Shannon Murphy’s production of Olivier Choinière’s Bliss is the most fun I’ve had in the theatre since Elling and Wonderful World of Dissocia at the STC earlier this year; a surreal, darkly comic fantasy about our modern culture of celebrity worship, and our morbid curiosity about human tragedies, which is fed by weekly glossy mags. Stories of anorexics, pill-poppers, sexual abuse victims, child prostitutes – lurid details of how “the other half” live, splashed in colour opposite advertisements for shoes or shampoo.
The culture Choinière is skewering is as cheap, bright and tasteless as the supermarket in which our story is set. Three employees drag themselves through the doors of the SupaMart for another day of drudgery: mindless mopping, stacking, spray-and-wiping, blank smiles and the monotonous beeping of checkouts. Last to arrive is Caro (Krew Boylan), an un-motivated bogan who is about to check out of reality.
As Caro’s day progresses, her daydream fantasies about Canadian popstar Celine Dion infect her reality, sucking her work-mates into supporting roles in a macabre fantasy that intertwines the lives of Celine and her “biggest fan” Isabelle (both played by Boylan), a sickly victim of physical, sexual and mental abuse.
As the first indication of how surreal things are about to get, the fluorescent lights suddenly switch to pink overheads, the actors stand in a row at the “check out” and give an orgiastic ensemble-rendition of Celine’s latest concert, re-enacting every detail as if it were some kind of pagan ritual – disturbing and hilarious.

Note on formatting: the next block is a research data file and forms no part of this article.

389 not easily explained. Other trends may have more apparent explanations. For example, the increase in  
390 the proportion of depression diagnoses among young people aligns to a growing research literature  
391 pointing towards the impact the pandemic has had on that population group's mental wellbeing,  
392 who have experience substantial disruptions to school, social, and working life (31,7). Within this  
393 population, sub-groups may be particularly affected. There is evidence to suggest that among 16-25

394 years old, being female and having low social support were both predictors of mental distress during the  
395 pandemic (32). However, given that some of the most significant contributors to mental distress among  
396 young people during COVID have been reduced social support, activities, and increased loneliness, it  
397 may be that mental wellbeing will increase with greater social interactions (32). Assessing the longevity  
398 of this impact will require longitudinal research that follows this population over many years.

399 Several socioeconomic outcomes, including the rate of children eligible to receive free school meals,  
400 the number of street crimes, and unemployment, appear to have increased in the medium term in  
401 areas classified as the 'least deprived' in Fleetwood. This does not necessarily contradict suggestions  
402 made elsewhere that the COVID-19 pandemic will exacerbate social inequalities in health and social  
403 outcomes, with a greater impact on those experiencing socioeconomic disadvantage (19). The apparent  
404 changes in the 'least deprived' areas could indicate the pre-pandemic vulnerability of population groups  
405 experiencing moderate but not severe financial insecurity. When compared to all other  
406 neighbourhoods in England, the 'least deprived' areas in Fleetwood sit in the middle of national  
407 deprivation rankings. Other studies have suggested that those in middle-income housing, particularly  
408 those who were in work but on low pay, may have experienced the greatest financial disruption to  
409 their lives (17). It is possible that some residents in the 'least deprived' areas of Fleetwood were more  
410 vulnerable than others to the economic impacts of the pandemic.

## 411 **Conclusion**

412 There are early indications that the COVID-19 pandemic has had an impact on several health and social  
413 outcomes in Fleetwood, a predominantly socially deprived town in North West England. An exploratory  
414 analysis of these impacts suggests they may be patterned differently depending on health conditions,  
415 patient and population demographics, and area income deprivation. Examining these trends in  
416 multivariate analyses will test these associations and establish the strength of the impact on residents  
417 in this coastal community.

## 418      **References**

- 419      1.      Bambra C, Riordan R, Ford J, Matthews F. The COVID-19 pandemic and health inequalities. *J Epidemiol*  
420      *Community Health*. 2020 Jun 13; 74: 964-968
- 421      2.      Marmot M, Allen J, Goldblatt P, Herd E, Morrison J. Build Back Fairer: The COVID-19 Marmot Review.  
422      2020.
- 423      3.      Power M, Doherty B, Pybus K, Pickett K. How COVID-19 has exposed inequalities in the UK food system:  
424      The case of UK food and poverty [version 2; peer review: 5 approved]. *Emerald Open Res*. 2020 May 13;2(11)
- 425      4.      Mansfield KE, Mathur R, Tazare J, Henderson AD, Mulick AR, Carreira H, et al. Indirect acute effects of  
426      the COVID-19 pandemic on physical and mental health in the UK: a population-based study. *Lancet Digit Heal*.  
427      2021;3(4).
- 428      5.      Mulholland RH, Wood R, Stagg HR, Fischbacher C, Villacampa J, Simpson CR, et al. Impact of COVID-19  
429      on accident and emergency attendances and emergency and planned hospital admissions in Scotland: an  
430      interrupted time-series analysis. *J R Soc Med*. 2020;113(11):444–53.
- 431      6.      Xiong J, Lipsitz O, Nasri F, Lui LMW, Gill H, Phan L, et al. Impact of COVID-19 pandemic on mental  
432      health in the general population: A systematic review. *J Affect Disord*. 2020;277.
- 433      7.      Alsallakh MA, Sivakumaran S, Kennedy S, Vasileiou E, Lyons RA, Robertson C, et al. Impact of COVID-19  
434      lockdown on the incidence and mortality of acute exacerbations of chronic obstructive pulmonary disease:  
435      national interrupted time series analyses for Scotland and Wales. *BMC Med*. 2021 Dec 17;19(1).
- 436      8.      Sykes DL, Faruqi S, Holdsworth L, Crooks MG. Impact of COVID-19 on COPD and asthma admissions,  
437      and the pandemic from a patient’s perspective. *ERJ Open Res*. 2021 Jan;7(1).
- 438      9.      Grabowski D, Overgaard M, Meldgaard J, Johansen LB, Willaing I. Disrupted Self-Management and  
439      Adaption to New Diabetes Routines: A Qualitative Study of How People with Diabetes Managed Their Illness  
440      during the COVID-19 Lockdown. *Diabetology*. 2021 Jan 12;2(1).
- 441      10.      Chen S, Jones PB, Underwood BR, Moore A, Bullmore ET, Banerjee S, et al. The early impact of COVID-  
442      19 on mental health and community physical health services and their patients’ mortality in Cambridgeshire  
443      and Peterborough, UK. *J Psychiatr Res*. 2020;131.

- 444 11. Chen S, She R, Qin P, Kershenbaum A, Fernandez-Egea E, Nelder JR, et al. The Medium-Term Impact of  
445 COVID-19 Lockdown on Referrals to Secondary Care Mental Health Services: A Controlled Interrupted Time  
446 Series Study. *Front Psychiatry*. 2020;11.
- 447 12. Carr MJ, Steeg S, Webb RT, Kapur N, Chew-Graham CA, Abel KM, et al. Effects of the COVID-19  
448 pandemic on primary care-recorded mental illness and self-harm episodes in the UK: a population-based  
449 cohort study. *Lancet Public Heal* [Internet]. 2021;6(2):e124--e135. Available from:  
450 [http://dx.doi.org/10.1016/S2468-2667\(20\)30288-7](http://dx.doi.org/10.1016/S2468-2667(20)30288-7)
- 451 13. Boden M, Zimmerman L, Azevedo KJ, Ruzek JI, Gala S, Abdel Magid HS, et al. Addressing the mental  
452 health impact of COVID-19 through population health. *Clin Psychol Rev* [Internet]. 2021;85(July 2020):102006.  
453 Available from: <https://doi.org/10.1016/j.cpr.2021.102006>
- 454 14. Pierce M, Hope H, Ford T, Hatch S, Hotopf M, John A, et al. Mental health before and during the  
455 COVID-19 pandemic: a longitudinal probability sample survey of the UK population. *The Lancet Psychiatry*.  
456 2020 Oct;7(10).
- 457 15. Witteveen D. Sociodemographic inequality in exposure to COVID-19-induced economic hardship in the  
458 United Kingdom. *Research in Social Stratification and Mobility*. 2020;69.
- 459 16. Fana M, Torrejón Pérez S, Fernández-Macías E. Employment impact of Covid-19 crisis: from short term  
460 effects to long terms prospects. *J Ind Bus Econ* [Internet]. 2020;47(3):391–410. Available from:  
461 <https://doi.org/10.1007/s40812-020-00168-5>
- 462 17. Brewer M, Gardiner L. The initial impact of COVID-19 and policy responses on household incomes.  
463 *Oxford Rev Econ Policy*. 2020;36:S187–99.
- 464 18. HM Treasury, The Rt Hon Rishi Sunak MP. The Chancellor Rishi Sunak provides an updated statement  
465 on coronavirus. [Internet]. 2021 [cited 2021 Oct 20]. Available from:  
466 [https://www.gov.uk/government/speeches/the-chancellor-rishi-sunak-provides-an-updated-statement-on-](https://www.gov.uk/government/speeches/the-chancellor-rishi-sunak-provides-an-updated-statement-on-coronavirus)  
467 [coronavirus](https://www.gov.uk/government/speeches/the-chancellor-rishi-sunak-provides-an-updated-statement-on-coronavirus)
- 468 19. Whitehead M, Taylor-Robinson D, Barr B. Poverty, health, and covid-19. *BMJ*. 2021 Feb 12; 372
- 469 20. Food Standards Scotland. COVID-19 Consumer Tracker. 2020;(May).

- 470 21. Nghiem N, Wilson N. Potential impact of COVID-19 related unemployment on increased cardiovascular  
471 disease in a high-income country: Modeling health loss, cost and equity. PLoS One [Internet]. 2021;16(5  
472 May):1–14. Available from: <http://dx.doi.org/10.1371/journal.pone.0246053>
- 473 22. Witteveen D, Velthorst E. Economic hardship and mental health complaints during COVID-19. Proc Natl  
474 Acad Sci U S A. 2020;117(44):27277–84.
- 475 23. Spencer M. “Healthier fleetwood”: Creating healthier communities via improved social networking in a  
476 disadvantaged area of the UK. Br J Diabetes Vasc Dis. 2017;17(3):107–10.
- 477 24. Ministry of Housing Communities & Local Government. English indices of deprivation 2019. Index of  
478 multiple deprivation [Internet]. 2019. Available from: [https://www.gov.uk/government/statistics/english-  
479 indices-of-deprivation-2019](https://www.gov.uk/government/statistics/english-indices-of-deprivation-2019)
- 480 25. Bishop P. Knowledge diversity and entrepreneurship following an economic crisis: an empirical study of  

Murphy has cast for comic sensibility, and Boylan and Matt Hardie are particularly irresistible, playing up to their stereotypes – disaffected-youth-slash-bitchy-gay “display assistant”, and introverted bogan-slash-manic devotee.
All four actors have to be very aware of what role they are in at any given moment, as they switch between “reality”, roles in Celine’s fantasy world, roles in Isabelle’s psychotic family, and heightened versions of themselves, in an alternate reality that might be Caro’s paranoia. Or it might be the polite masks of employers slipping to reveal what they really think.
The play comes full circle within 70 minutes, and you feel like you’ve been through an often hilarious, at times heart-breaking, darkly surreal fantasy. And not a dull moment in sight.